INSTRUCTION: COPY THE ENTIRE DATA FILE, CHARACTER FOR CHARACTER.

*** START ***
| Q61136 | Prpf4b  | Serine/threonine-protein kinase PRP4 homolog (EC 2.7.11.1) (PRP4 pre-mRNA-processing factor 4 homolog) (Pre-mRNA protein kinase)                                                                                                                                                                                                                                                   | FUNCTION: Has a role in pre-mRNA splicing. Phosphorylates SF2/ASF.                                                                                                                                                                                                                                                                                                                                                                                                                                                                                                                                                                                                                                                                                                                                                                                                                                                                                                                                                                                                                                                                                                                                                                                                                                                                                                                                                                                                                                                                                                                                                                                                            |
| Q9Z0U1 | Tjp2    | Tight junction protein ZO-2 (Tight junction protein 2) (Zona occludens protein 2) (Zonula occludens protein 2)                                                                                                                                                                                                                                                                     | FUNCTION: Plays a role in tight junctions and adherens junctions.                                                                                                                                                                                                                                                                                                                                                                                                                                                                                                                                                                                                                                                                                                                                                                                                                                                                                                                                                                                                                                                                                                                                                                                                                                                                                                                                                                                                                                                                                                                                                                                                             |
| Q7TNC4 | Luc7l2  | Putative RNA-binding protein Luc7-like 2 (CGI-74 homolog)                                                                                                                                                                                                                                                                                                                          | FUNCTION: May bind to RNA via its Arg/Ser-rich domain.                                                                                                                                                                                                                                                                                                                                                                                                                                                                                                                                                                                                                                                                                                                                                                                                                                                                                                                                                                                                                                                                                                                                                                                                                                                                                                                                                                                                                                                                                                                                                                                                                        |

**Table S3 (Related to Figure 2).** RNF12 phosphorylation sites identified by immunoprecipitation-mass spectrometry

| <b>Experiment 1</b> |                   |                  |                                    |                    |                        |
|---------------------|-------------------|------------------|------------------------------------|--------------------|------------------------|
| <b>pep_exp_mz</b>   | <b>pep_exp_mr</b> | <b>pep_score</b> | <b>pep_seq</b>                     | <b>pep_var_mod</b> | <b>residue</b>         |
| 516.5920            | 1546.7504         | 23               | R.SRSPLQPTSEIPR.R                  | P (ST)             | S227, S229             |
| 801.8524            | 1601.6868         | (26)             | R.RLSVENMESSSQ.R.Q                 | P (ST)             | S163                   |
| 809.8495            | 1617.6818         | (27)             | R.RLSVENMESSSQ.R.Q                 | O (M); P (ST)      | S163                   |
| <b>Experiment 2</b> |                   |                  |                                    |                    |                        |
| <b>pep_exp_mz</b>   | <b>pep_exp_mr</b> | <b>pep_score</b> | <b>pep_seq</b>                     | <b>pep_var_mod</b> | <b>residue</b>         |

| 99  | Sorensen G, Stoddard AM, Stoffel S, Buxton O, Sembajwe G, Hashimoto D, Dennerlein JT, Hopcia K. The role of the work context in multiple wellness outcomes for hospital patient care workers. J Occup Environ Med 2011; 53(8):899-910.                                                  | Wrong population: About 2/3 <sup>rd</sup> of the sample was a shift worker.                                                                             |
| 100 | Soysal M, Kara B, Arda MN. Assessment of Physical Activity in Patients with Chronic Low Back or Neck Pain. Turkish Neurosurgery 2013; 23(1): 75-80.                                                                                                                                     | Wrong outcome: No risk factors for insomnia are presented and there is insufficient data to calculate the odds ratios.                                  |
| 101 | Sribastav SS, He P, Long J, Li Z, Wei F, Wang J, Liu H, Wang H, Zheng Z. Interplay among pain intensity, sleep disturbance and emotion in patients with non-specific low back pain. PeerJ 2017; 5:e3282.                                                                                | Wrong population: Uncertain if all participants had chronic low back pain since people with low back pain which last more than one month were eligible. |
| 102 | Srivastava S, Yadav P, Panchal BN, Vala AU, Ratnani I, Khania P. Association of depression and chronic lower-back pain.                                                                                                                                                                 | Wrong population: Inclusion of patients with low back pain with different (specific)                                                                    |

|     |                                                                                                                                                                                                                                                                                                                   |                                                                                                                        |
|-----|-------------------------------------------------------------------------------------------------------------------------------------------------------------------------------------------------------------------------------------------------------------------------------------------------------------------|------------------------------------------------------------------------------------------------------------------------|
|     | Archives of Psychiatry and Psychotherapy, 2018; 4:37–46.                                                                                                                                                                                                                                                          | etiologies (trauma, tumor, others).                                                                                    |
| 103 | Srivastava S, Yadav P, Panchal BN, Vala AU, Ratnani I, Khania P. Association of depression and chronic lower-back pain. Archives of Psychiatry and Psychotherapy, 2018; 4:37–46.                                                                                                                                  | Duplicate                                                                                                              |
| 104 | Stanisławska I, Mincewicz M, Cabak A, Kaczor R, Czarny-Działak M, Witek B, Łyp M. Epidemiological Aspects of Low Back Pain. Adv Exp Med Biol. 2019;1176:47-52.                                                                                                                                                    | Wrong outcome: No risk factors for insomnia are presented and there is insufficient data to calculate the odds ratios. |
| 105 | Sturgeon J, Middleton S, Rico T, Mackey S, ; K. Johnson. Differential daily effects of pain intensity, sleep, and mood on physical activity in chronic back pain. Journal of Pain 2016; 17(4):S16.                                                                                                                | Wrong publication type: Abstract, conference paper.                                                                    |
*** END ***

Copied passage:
| Q61136 | Prpf4b  | Serine/threonine-protein kinase PRP4 homolog (EC 2.7.11.1) (PRP4 pre-mRNA-processing factor 4 homolog) (Pre-mRNA protein kinase)                                                                                                                                                                                                                                                   | FUNCTION: Has a role in pre-mRNA splicing. Phosphorylates SF2/ASF.                                                                                                                                                                                                                                                                                                                                                                                                                                                                                                                                                                                                                                                                                                                                                                                                                                                                                                                                                                                                                                                                                                                                                                                                                                                                                                                                                                                                                                                                                                                                                                                                            |
| Q9Z0U1 | Tjp2    | Tight junction protein ZO-2 (Tight junction protein 2) (Zona occludens protein 2) (Zonula occludens protein 2)                                                                                                                                                                                                                                                                     | FUNCTION: Plays a role in tight junctions and adherens junctions.                                                                                                                                                                                                                                                                                                                                                                                                                                                                                                                                                                                                                                                                                                                                                                                                                                                                                                                                                                                                                                                                                                                                                                                                                                                                                                                                                                                                                                                                                                                                                                                                             |
| Q7TNC4 | Luc7l2  | Putative RNA-binding protein Luc7-like 2 (CGI-74 homolog)                                                                                                                                                                                                                                                                                                                          | FUNCTION: May bind to RNA via its Arg/Ser-rich domain.                                                                                                                                                                                                                                                                                                                                                                                                                                                                                                                                                                                                                                                                                                                                                                                                                                                                                                                                                                                                                                                                                                                                                                                                                                                                                                                                                                                                                                                                                                                                                                                                                        |

**Table S3 (Related to Figure 2).** RNF12 phosphorylation sites identified by immunoprecipitation-mass spectrometry

| <b>Experiment 1</b> |                   |                  |                                    |                    |                        |
|---------------------|-------------------|------------------|------------------------------------|--------------------|------------------------|
| <b>pep_exp_mz</b>   | <b>pep_exp_mr</b> | <b>pep_score</b> | <b>pep_seq</b>                     | <b>pep_var_mod</b> | <b>residue</b>         |
| 516.5920            | 1546.7504         | 23               | R.SRSPLQPTSEIPR.R                  | P (ST)             | S227, S229             |
| 801.8524            | 1601.6868         | (26)             | R.RLSVENMESSSQ.R.Q                 | P (ST)             | S163                   |
| 809.8495            | 1617.6818         | (27)             | R.RLSVENMESSSQ.R.Q                 | O (M); P (ST)      | S163                   |
| <b>Experiment 2</b> |                   |                  |                                    |                    |                        |
| <b>pep_exp_mz</b>   | <b>pep_exp_mr</b> | <b>pep_score</b> | <b>pep_seq</b>                     | <b>pep_var_mod</b> | <b>residue</b>         |

| 99  | Sorensen G, Stoddard AM, Stoffel S, Buxton O, Sembajwe G, Hashimoto D, Dennerlein JT, Hopcia K. The role of the work context in multiple wellness outcomes for hospital patient care workers. J Occup Environ Med 2011; 53(8):899-910.                                                  | Wrong population: About 2/3 <sup>rd</sup> of the sample was a shift worker.                                                                             |
| 100 | Soysal M, Kara B, Arda MN. Assessment of Physical Activity in Patients with Chronic Low Back or Neck Pain. Turkish Neurosurgery 2013; 23(1): 75-80.                                                                                                                                     | Wrong outcome: No risk factors for insomnia are presented and there is insufficient data to calculate the odds ratios.                                  |
| 101 | Sribastav SS, He P, Long J, Li Z, Wei F, Wang J, Liu H, Wang H, Zheng Z. Interplay among pain intensity, sleep disturbance and emotion in patients with non-specific low back pain. PeerJ 2017; 5:e3282.                                                                                | Wrong population: Uncertain if all participants had chronic low back pain since people with low back pain which last more than one month were eligible. |
| 102 | Srivastava S, Yadav P, Panchal BN, Vala AU, Ratnani I, Khania P. Association of depression and chronic lower-back pain.                                                                                                                                                                 | Wrong population: Inclusion of patients with low back pain with different (specific)                                                                    |

|     |                                                                                                                                                                                                                                                                                                                   |                                                                                                                        |
|-----|-------------------------------------------------------------------------------------------------------------------------------------------------------------------------------------------------------------------------------------------------------------------------------------------------------------------|------------------------------------------------------------------------------------------------------------------------|
|     | Archives of Psychiatry and Psychotherapy, 2018; 4:37–46.                                                                                                                                                                                                                                                          | etiologies (trauma, tumor, others).                                                                                    |
| 103 | Srivastava S, Yadav P, Panchal BN, Vala AU, Ratnani I, Khania P. Association of depression and chronic lower-back pain. Archives of Psychiatry and Psychotherapy, 2018; 4:37–46.                                                                                                                                  | Duplicate                                                                                                              |
| 104 | Stanisławska I, Mincewicz M, Cabak A, Kaczor R, Czarny-Działak M, Witek B, Łyp M. Epidemiological Aspects of Low Back Pain. Adv Exp Med Biol. 2019;1176:47-52.                                                                                                                                                    | Wrong outcome: No risk factors for insomnia are presented and there is insufficient data to calculate the odds ratios. |
| 105 | Sturgeon J, Middleton S, Rico T, Mackey S, ; K. Johnson. Differential daily effects of pain intensity, sleep, and mood on physical activity in chronic back pain. Journal of Pain 2016; 17(4):S16.                                                                                                                | Wrong publication type: Abstract, conference paper.                                                                    |